For instance, stable affiliative associations in chimpanzees are primarily male–male, whereas in bonobos they are primarily female–female. Crucially, female–female
gregariousness is plausibly governed by a combination of predation risk, food distribution, infanticide risk, and habitat saturation (Sterck, Watts, & van Schaik, 1997), whereas
male–male bonding is a function of mating competition and dispersal pattern (Kappeler & van Schaik, 2002; van Hooff & van Schaik, 1994). Suppose now that the LCA were
bonobo-like, and that in humans both strong male–male and female–female bonds occur. One of our principle tasks would be to explain affiliations among human males. In light
of the determinants of male–male bonding just mentioned, changes in mating competition would perhaps be a plausible contender. Mating competition, however, would not be a
salient explanans in case the LCA were chimpanzee-like. For the primary explanandum now would be female–female bonding, which is not governed by mating competition, but
by, as said, a combination of predation risk, food distribution, infanticide risk, and habitat saturation. In sum, an explanation that would work for chimpanzees cannot be assumed
to work for bonobos.
Since the findings of Wrangham and Ghiglieri have become common knowledge, they may have indirectly inspired Kitcher.
Pair-bonding refers to enduring affiliation between individuals. It is different from monogamy: the latter is a sexual relationship, the former a social relationship. These need
not to coincide: monogamy may entail weak heterosexual attachment, and strong male–female bonds often occur in polygynous mating systems (Palombit, 1999). So crosscultural evidence about polygyny in humans does not undermine the claim that human pair-bonds are unusually strong.
Foley’s study is somewhat ambiguous about male–female bonding in the LCA. His Fig. 6 suggests it was present in the LCA; the main text, however, is at least consistent with
the interpretation that it emerged only in the first hominids. Further, interestingly, from their phylogenetic analysis (Geary & Flinn, 2001; Geary et al., 2011) infer that the LCA
must have been more gorilla-like than chimpanzee-like. For the view that the LCA was more orangutan-like, see Schwartz (1987).
K. Vaesen / Studies in History and Philosophy of Biological and Biomedical Sciences 45 (2014) 12–21
I want to briefly return to male–female relationships. Any satisfactory reconstruction of human altruism would seem to need to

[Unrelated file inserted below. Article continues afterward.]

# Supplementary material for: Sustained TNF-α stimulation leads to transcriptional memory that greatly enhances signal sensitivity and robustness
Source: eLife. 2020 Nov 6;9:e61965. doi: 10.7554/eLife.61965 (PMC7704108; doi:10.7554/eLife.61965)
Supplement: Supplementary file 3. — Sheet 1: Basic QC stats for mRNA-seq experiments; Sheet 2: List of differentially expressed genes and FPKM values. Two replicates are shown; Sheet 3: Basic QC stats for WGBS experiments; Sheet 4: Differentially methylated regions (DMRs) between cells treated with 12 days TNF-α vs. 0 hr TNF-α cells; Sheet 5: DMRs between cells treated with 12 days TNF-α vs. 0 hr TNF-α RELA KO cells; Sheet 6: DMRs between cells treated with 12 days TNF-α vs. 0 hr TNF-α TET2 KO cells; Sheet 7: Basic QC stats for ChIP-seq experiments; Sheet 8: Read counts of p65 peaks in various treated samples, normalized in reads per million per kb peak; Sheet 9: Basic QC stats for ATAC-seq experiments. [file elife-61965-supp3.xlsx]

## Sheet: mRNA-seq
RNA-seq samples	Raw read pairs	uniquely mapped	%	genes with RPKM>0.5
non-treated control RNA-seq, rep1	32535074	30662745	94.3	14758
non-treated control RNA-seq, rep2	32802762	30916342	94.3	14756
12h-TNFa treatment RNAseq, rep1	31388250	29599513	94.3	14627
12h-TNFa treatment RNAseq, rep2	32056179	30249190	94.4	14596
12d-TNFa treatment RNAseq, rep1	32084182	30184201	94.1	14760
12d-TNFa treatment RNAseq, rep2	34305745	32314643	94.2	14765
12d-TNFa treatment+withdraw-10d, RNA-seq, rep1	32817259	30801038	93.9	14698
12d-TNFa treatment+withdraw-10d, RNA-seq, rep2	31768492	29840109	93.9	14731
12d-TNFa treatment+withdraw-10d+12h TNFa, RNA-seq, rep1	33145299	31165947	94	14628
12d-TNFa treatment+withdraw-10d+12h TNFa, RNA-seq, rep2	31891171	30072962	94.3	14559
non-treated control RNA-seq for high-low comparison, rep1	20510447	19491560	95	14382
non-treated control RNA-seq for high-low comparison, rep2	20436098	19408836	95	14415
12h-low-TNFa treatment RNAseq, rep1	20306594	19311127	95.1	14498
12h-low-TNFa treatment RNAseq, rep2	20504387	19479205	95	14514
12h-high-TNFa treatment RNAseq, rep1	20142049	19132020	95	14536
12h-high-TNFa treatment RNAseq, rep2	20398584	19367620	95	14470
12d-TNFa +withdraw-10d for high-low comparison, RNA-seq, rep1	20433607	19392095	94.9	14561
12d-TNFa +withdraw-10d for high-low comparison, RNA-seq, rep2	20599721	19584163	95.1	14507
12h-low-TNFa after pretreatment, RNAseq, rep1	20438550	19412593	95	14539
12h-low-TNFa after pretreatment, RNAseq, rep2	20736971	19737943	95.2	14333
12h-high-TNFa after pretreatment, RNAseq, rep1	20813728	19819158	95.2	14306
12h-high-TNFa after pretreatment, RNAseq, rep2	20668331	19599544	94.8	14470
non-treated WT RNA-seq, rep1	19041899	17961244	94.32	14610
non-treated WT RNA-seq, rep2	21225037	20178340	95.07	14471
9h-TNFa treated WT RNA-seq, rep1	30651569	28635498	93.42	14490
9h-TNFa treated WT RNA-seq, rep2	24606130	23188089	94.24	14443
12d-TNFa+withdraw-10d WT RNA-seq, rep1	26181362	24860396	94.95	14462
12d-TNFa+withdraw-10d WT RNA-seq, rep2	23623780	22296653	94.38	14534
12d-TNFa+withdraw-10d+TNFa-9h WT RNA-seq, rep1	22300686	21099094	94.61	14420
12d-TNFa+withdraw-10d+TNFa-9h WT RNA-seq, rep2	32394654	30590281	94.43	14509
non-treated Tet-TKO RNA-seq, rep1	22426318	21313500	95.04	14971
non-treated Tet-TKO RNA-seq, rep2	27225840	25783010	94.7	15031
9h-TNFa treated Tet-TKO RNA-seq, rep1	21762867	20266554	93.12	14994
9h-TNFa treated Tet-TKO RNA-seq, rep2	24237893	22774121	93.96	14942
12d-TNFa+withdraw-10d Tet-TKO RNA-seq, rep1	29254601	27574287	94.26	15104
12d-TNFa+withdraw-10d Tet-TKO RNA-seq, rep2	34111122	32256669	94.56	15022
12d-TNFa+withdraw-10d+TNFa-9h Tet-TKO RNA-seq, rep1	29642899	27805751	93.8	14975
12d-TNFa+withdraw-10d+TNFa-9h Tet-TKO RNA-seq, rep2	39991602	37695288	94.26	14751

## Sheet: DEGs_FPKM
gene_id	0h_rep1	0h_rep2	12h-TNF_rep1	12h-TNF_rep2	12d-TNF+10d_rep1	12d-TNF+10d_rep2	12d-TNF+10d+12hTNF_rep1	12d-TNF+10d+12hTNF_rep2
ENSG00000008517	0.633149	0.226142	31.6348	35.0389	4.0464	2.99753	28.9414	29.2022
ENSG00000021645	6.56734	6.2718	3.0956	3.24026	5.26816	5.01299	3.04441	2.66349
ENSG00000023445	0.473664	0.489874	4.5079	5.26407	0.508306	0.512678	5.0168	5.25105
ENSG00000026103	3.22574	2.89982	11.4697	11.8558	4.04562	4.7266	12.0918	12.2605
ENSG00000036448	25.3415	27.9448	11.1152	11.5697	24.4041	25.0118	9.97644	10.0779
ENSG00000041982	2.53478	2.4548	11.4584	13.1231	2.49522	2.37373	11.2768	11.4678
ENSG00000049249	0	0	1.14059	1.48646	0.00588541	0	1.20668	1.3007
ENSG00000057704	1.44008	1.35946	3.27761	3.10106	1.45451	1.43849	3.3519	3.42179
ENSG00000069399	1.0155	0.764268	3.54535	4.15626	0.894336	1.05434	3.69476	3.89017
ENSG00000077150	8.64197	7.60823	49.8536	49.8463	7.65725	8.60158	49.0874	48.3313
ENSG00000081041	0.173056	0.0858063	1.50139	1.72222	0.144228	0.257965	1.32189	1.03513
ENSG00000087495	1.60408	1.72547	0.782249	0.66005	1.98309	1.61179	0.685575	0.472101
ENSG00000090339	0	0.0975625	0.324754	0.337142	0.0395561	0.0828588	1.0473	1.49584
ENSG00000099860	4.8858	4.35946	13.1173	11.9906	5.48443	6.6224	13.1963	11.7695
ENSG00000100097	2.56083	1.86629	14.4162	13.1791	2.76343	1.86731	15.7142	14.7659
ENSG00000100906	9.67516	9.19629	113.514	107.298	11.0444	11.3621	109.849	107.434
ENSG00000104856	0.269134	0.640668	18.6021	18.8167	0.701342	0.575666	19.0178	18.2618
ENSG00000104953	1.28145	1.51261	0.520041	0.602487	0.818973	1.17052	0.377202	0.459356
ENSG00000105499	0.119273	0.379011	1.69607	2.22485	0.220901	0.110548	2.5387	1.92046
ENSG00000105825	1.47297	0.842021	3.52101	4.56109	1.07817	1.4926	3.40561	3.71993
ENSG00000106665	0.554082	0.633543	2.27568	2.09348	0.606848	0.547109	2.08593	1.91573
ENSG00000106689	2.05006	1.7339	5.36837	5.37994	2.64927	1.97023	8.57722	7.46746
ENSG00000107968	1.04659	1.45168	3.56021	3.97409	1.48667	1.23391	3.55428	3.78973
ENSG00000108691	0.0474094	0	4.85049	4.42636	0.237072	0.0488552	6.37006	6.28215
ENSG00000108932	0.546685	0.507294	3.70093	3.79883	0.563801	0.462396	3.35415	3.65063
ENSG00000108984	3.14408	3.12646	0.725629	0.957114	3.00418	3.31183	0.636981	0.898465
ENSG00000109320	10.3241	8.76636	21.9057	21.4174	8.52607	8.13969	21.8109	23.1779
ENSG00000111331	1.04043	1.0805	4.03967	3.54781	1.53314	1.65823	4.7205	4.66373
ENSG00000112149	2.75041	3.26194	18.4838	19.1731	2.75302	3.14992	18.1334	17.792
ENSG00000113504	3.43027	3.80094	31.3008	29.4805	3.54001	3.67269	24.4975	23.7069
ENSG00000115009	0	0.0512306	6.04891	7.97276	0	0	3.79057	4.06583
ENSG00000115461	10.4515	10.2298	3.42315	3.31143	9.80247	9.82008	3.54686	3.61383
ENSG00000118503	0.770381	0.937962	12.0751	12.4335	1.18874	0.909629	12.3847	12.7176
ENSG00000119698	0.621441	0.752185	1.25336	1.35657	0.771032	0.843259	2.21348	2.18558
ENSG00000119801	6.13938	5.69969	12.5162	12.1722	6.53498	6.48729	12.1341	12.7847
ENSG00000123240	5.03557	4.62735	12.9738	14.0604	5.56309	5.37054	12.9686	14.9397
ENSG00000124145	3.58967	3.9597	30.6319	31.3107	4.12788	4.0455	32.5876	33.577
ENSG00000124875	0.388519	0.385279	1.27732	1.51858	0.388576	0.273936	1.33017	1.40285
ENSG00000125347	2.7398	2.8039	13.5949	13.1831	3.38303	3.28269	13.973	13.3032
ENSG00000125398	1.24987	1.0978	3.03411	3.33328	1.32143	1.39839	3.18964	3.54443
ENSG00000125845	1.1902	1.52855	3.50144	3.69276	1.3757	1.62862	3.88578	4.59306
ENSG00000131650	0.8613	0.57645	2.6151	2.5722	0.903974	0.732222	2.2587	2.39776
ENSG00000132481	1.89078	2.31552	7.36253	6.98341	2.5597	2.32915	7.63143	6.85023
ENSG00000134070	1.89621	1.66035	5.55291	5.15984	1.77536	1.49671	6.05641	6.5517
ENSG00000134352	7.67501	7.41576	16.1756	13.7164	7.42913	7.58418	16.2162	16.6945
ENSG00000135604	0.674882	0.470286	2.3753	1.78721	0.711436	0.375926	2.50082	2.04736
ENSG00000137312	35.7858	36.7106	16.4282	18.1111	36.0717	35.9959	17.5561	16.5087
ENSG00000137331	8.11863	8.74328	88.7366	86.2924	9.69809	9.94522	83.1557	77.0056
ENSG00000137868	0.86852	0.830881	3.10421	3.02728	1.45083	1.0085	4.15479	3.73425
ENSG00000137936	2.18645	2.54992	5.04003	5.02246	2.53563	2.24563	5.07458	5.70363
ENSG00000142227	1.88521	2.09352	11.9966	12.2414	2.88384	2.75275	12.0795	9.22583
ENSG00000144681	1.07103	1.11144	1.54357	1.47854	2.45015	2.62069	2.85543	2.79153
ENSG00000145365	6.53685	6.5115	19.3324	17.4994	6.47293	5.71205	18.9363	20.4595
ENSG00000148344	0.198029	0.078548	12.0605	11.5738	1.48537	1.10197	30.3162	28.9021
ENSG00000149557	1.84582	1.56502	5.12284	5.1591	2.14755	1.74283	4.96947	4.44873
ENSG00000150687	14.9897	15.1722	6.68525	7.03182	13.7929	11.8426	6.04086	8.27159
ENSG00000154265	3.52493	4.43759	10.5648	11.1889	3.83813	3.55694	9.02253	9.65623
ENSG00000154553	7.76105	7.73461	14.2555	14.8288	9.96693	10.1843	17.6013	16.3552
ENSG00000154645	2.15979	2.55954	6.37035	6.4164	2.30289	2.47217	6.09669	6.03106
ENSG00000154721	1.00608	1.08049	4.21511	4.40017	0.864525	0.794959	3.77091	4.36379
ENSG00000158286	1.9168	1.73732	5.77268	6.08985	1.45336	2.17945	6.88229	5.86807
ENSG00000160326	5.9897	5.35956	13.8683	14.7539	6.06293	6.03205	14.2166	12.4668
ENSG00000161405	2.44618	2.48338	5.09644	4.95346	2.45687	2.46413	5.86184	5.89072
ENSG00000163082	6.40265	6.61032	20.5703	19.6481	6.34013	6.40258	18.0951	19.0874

say something about the domain where altruistic dispositions are
expressed most strikingly, namely in human pair-bonds. Would
Excuse 2 apply here? No. Gibbon pair-bonding has likely evolved
independently from human pair-bonding; long-term male–female
bonds are also present in chacma baboons, callitrichids, rodents
(e.g., Malagasy giant rats, Arctic ground squirrels), birds (e.g.,
barn swallows, house wrens), and insects (e.g., burying beetles)
(Palombit, 2000). So, again, unless Excuse 3 and/or Excuse 4 apply
(more on this below), these instances of convergence could turn
out to be very useful.
5.3. Excuse 3: T⁄ really evolved only once, namely in us
Fig. 3. Year-round male–female bonding in the apes. Black circles indicate very
strong bonds; gray circles indicate bonds of intermediate strength; white circles
indicate absence of year-round bonding. Pan = chimpanzee and bonobo; Gorilla =
gorilla; Pongo = orangutan; and Hylobates = gibbon. The tree is based on maximumparsimony. Chimpanzee and bonobo are collapsed into one leaf. Even though
bonobos more readily form long-term male–female bonds than chimpanzees,
treating them as if they do not would yield the same result for the LCA.
become apparent later, this also affects the credibility of the rest of
Kitcher’s reconstruction.
5.2. Excuse 2: Insufficiency of data to detect instances of convergent
Perhaps surprisingly, altruistic dispositions have been studied
quite extensively in monkeys—more so than in most of the apes
(gibbons, orangutans, gorillas, and even bonobos). And it is also
in monkeys, more specifically in Callitrichidae (tamarin and marmoset species), that have been observed forms of altruism which
approximate human altruism most, at least in the dimensions
which interest Kitcher, i.e. range and scope. In terms of scope, unlike chimpanzees and bonobos, callitrichids do not just tolerate
each other, acting altruistically only under threatening situations.